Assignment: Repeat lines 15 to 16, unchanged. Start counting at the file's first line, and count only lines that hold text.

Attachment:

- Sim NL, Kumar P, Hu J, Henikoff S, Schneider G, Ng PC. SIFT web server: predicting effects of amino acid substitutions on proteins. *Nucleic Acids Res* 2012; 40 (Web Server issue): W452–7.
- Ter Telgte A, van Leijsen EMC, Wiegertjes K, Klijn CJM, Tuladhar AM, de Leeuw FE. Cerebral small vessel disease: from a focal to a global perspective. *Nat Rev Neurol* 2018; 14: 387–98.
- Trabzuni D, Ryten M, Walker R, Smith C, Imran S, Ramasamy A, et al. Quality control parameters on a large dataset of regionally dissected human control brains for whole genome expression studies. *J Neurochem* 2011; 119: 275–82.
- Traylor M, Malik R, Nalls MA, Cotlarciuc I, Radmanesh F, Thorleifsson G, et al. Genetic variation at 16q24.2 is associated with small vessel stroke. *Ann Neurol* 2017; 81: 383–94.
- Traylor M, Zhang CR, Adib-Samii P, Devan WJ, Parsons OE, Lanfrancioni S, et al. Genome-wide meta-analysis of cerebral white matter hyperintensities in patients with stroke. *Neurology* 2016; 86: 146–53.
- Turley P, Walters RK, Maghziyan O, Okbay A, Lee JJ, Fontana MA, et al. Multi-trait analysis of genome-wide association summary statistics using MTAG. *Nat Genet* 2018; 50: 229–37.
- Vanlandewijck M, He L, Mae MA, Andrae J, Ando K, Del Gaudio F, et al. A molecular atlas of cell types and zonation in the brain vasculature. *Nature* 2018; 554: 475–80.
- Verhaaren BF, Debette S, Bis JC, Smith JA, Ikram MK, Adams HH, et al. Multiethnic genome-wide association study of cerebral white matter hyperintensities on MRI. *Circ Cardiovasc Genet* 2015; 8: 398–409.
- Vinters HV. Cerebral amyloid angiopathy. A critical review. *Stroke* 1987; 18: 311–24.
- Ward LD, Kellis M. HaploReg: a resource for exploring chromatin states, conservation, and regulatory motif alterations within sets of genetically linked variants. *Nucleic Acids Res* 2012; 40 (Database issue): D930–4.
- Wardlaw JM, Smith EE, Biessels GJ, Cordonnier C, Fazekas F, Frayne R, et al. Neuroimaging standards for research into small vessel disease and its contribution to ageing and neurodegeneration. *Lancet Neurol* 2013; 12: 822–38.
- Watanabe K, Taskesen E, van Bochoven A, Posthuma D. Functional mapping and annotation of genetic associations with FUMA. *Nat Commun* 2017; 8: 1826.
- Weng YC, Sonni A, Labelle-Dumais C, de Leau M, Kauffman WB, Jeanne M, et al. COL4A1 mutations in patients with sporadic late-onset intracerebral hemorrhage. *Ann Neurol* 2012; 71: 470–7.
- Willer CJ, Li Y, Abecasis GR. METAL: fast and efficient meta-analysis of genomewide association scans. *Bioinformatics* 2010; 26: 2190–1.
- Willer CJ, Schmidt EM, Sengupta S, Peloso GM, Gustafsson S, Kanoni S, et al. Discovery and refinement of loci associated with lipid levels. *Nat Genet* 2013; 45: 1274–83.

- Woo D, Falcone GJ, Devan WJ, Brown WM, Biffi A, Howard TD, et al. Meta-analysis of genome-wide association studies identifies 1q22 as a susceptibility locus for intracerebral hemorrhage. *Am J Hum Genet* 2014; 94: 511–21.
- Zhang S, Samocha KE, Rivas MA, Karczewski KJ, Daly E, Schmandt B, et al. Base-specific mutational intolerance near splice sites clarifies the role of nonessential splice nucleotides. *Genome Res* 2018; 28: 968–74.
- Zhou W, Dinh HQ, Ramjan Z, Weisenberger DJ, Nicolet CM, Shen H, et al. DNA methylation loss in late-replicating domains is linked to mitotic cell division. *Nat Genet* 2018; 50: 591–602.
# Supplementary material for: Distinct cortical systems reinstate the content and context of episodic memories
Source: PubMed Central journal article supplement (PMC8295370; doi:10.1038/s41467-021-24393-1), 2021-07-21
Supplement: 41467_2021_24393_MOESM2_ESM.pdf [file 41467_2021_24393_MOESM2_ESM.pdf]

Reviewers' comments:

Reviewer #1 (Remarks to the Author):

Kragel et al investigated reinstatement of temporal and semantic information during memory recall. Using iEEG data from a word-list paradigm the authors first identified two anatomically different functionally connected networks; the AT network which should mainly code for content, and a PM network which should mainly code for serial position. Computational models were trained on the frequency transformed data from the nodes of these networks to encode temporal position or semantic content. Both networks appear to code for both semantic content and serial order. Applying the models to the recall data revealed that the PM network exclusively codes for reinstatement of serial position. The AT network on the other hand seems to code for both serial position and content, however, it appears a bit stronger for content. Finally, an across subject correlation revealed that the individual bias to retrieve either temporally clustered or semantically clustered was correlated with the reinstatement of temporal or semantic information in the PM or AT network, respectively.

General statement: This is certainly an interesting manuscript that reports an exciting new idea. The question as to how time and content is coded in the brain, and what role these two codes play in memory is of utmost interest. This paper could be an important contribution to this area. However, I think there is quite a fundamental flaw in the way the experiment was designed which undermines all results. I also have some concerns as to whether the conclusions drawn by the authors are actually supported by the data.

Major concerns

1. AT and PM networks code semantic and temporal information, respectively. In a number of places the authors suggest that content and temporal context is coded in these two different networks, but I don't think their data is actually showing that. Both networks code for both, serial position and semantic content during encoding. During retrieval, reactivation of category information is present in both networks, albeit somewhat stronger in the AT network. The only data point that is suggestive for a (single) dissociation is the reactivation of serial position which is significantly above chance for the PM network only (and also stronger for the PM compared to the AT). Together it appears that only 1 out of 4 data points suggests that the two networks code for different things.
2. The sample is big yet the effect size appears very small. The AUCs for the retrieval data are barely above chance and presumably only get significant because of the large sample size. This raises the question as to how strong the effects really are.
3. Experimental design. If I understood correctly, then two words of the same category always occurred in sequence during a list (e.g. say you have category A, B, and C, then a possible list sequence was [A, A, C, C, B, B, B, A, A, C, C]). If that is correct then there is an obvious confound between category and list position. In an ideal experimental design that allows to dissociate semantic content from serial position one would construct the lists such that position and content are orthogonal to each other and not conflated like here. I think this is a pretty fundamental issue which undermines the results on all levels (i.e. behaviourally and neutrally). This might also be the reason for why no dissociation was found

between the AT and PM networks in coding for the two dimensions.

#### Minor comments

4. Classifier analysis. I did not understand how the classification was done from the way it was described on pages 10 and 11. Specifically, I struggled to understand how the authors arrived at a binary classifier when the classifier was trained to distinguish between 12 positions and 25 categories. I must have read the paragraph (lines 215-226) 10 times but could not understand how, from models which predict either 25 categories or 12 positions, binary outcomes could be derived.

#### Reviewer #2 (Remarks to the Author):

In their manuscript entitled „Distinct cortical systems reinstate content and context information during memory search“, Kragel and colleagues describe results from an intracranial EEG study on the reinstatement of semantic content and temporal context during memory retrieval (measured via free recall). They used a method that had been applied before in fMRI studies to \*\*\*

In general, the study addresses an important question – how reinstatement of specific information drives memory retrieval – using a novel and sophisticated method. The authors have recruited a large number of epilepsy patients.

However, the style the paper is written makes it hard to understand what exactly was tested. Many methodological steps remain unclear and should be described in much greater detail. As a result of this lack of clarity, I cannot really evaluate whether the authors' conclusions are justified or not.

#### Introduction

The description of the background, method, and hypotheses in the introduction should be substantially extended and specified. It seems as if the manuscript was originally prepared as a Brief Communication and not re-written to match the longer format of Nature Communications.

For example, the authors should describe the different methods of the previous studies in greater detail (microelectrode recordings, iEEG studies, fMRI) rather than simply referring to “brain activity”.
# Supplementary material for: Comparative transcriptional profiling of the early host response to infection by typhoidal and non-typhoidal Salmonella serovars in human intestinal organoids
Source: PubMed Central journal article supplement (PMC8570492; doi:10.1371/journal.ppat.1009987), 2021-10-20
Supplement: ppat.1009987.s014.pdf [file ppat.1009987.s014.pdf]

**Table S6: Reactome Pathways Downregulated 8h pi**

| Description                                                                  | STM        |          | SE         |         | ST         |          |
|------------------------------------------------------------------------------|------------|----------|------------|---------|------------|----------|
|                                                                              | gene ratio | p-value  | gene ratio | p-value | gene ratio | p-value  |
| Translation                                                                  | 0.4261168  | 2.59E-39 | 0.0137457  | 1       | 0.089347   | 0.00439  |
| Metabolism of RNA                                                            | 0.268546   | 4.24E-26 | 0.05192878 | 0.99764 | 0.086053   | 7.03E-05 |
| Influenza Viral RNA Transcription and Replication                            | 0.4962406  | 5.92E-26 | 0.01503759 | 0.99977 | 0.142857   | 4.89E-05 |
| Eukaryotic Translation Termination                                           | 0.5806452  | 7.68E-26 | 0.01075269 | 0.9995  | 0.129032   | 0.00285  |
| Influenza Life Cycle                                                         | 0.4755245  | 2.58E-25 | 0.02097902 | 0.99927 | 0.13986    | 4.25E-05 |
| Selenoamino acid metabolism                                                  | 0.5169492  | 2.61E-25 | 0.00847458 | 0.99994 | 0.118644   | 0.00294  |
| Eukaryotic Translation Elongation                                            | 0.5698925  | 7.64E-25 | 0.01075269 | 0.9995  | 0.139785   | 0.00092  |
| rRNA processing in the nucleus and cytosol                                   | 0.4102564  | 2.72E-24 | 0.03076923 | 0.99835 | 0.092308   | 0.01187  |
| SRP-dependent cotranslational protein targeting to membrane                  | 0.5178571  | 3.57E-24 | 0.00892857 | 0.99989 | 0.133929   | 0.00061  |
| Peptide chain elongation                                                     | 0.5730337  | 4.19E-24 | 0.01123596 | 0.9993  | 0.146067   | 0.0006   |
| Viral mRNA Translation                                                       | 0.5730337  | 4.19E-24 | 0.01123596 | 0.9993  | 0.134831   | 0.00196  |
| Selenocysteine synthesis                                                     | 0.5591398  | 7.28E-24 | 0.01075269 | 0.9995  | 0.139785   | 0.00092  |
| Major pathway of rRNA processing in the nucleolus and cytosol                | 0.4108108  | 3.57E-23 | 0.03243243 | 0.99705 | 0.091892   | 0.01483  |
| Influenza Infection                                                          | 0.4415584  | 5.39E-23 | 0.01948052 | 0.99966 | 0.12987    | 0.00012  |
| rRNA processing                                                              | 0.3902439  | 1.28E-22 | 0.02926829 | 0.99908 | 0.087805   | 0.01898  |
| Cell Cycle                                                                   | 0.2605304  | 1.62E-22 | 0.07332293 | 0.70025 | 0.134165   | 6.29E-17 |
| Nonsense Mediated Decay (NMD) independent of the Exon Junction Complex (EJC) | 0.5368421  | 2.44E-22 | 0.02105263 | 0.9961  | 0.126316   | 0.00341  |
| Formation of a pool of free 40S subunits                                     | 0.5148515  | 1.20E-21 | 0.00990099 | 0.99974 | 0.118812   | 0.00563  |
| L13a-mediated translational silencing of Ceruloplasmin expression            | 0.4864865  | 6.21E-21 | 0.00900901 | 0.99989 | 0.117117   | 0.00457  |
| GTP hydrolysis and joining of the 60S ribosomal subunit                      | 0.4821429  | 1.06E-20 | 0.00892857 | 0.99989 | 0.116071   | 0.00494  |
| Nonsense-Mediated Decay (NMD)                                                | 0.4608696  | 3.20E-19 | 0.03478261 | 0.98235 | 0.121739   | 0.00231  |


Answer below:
- Willer CJ, Schmidt EM, Sengupta S, Peloso GM, Gustafsson S, Kanoni S, et al. Discovery and refinement of loci associated with lipid levels. *Nat Genet* 2013; 45: 1274–83.

- Woo D, Falcone GJ, Devan WJ, Brown WM, Biffi A, Howard TD, et al. Meta-analysis of genome-wide association studies identifies 1q22 as a susceptibility locus for intracerebral hemorrhage. *Am J Hum Genet* 2014; 94: 511–21.